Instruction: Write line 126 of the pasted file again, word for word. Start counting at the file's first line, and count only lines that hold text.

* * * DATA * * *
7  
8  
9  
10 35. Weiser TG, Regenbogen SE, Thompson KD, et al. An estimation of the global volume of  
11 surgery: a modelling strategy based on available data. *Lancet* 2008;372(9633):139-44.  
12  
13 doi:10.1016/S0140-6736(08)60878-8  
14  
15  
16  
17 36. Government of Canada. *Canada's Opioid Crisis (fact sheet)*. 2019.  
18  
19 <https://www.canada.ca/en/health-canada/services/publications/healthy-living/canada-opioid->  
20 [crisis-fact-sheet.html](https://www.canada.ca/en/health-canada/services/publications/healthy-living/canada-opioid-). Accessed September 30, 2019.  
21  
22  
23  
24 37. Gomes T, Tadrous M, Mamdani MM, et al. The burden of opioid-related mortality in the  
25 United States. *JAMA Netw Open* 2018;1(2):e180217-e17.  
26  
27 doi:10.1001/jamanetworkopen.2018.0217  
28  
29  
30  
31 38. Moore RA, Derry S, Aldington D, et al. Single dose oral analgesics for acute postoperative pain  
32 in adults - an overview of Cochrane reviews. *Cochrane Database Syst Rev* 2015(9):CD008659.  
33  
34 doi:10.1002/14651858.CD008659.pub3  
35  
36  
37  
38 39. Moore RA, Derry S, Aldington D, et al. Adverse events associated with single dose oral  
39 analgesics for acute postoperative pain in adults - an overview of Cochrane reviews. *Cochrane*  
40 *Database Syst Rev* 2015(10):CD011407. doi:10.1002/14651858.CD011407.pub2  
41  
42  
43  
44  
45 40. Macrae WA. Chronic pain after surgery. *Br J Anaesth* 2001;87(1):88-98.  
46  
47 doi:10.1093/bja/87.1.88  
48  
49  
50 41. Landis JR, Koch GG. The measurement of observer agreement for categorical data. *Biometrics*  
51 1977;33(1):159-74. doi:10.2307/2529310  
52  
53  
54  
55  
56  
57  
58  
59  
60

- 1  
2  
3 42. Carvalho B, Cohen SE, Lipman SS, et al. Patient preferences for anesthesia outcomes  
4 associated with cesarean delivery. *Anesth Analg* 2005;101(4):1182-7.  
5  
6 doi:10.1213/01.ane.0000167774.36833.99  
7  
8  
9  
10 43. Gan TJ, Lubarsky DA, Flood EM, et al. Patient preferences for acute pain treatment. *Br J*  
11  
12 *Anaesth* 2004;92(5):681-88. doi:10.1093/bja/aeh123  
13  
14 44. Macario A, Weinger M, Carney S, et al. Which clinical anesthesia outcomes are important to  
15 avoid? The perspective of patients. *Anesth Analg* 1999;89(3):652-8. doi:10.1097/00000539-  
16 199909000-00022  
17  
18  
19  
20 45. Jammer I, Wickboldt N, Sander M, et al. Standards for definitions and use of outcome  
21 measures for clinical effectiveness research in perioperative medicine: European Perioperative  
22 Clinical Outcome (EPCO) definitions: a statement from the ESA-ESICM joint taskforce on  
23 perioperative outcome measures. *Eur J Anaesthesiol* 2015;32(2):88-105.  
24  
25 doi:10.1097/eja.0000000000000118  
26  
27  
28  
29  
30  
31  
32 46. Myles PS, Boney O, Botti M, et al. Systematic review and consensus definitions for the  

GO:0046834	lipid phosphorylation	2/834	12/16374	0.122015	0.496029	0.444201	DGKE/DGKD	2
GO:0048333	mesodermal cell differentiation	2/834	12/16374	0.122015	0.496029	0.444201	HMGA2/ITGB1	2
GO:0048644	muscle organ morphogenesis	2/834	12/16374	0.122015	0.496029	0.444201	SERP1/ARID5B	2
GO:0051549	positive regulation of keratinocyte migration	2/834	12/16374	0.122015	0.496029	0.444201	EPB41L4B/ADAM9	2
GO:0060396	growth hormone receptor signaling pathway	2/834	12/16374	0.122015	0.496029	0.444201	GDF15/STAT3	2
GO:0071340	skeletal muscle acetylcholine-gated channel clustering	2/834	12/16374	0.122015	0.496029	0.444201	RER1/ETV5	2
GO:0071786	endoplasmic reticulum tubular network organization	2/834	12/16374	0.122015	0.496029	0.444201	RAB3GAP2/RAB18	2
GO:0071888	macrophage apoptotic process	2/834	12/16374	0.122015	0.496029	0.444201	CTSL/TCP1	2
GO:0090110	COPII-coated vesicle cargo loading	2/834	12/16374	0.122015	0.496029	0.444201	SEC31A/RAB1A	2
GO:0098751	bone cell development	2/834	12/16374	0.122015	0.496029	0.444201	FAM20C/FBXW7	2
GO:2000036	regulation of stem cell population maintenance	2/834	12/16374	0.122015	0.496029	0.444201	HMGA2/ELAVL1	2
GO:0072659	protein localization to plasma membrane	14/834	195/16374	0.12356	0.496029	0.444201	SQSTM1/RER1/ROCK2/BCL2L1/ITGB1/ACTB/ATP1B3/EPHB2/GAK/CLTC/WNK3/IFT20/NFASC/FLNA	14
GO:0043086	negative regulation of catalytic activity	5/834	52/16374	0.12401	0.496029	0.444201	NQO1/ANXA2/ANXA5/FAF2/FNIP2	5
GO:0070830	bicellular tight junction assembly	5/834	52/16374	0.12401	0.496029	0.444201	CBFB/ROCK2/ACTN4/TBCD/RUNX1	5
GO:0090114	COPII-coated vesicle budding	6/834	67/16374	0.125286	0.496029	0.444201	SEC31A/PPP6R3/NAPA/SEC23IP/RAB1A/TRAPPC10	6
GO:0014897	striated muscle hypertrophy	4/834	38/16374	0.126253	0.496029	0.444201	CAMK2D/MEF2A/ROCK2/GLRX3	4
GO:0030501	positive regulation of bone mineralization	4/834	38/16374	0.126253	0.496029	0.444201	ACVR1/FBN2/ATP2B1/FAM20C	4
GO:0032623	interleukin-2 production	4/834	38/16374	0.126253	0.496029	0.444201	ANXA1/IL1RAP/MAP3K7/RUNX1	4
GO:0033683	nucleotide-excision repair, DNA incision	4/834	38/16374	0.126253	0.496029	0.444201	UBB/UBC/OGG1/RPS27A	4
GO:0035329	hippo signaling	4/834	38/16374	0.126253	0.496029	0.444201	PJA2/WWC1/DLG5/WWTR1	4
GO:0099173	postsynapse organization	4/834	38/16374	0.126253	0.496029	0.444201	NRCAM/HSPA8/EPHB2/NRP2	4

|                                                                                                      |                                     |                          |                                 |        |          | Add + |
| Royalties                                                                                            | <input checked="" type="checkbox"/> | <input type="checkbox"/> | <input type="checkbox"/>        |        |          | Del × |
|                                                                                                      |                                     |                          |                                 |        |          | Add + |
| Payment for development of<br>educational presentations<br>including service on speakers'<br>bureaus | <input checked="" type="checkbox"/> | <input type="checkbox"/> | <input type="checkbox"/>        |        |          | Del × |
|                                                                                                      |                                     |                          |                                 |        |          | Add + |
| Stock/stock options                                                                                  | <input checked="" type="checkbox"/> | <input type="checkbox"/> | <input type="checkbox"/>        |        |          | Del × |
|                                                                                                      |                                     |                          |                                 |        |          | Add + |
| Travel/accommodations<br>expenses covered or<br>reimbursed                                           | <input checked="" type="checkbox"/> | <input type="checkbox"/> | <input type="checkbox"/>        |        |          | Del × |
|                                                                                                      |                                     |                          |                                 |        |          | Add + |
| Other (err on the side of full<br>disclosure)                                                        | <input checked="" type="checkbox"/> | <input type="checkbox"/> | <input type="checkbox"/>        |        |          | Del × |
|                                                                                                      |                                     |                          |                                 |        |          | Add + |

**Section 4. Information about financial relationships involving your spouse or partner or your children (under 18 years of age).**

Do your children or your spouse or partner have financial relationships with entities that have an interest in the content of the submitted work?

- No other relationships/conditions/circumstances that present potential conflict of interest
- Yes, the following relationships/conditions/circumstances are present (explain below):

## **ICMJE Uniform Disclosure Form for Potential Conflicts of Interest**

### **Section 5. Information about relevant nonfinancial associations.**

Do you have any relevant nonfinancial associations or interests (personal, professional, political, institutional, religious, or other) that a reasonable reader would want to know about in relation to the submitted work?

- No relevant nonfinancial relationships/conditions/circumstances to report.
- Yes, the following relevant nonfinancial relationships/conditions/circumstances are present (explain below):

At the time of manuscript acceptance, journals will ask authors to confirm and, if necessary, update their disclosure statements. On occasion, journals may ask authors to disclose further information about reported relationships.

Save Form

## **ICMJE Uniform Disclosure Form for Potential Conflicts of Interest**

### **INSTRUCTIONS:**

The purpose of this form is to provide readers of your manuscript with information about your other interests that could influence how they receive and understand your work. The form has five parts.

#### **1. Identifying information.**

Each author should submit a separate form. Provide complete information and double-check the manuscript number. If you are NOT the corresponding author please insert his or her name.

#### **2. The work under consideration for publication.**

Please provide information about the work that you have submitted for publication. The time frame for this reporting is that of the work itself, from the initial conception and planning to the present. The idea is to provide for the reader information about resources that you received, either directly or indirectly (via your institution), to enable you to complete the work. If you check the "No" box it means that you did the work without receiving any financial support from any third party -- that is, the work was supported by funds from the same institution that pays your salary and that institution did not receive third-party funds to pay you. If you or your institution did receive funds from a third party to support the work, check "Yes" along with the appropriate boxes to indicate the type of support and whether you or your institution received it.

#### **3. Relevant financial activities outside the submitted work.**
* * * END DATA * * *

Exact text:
- No relevant nonfinancial relationships/conditions/circumstances to report.